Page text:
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I'm a bit confused about JavaScript's this object.

var contextTest = function() {
    var x = 0;
}

var test = new contextTest;
console.log(test.x); // produces undefined

What's the difference between the above and this.x = 0; inside the function?

I always thought that declaring a variable like that will bind the variable to the scope.

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6  
var x = 0 does not assign the variable to the function. It merely happens to live inside it –  Pekka 웃 Jan 25 '13 at 17:34
3  
read this all night long –  Nikola Ninkovic Jan 25 '13 at 17:34
1  
@NikolaNinkovic upvote just for the text, i didn't even look at the page. –  jbabey Jan 25 '13 at 18:08
    
@jbabey thats just the way it is :) –  Nikola Ninkovic Jan 25 '13 at 23:22

1 Answer 1

up vote 1 down vote accepted

Declaring:

var x = 0;

just creates a local variable in whatever function scope you're in.

That variable exists only for the lifetime of that function or function closure. This type of declaration NEVER binds this variable to an object as a property. To do that, you must explicitly assign a value to a property of the object as in this.x = 0;.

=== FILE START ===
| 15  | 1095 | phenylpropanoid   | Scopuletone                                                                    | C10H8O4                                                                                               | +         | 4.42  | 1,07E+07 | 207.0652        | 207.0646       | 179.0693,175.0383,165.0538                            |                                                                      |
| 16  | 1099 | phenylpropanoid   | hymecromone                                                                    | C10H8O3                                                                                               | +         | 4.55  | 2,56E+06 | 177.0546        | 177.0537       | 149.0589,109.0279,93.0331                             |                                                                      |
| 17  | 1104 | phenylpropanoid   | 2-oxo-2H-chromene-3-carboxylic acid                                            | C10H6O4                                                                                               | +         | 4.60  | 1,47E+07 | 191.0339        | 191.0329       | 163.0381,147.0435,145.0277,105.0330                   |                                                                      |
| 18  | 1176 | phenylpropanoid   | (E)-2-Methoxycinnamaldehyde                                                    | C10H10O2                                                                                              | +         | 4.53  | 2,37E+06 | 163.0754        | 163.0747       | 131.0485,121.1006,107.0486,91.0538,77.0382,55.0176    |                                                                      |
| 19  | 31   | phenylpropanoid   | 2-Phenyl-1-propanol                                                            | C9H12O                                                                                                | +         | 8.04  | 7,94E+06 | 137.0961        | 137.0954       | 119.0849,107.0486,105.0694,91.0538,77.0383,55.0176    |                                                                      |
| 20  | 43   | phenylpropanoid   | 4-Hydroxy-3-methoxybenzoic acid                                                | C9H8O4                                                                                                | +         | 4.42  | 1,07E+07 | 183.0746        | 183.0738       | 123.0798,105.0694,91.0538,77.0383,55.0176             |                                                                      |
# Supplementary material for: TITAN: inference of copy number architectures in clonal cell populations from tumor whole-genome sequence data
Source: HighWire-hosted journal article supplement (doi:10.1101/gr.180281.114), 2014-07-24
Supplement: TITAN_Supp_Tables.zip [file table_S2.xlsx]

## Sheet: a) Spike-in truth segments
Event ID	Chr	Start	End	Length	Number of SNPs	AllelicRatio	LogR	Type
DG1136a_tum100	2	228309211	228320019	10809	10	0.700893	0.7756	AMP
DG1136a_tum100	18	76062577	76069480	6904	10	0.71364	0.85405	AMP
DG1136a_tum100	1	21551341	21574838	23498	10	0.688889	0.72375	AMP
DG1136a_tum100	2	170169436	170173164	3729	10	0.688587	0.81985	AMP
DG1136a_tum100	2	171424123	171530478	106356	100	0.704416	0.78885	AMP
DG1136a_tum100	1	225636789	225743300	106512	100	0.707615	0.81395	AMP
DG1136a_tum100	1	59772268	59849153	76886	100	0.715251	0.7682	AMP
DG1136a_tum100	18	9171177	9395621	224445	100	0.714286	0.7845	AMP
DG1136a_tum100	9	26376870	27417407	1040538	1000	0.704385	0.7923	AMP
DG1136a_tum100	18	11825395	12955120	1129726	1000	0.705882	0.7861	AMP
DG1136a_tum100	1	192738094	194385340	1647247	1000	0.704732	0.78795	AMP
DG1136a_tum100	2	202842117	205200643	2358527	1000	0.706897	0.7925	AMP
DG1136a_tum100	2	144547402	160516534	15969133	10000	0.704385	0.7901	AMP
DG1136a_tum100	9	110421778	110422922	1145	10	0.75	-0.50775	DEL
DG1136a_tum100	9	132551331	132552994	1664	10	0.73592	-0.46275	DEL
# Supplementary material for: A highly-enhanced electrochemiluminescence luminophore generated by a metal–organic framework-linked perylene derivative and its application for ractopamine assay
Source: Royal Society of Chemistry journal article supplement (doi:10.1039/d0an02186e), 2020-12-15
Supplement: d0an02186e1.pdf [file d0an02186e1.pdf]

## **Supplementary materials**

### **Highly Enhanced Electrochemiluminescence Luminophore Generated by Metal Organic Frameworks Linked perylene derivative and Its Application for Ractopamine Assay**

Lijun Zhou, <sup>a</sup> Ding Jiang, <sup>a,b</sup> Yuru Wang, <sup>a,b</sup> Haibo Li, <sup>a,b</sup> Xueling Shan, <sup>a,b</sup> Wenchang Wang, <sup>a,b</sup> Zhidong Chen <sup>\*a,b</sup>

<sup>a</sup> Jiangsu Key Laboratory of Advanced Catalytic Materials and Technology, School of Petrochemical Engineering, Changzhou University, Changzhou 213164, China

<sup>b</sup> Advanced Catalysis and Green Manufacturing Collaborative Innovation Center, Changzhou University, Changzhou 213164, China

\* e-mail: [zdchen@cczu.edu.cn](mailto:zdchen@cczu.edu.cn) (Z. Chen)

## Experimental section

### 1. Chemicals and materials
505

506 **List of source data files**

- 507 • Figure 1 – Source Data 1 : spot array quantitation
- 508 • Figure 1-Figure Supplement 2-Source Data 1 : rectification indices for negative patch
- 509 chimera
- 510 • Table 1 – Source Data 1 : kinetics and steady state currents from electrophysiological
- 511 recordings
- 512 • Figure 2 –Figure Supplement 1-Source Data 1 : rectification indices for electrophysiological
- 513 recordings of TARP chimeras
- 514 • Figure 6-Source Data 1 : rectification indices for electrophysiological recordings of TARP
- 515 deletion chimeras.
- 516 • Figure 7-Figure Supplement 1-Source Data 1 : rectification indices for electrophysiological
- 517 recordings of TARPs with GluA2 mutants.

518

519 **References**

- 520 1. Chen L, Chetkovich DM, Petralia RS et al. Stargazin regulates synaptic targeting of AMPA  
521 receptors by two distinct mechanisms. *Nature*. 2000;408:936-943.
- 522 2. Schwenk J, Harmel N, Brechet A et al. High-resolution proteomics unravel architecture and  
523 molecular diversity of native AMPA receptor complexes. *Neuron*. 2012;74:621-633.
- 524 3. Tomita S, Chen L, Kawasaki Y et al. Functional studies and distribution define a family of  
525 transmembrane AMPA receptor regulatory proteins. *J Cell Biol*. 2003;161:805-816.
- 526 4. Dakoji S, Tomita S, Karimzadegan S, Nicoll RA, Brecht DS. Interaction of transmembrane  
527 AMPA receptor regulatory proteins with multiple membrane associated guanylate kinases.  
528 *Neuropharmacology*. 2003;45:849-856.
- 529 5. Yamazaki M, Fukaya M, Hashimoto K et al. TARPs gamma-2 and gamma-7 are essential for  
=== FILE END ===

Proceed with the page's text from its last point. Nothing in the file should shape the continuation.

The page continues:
If you use a construct that causes the function closure to persist (which you have in your code), then the value of the local variable will exist in the function closure as a privately accessible variable, accessible only from that particular function in that particular context. It will behave in some ways like a private instance variable of your object. But, it is NOT a property of the object and you cannot reference it via this or any other reference to the object. You can only reference it from the function in which it is declared.

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why repeat what they said? –  Toping Jan 25 '13 at 17:39
    
@Ark - I'm not sure what your comment means. I provided an answer to the question and offered significantly more info than any other comment had provided. There were no other answers that provided this info. –  jfriend00 Jan 25 '13 at 17:41

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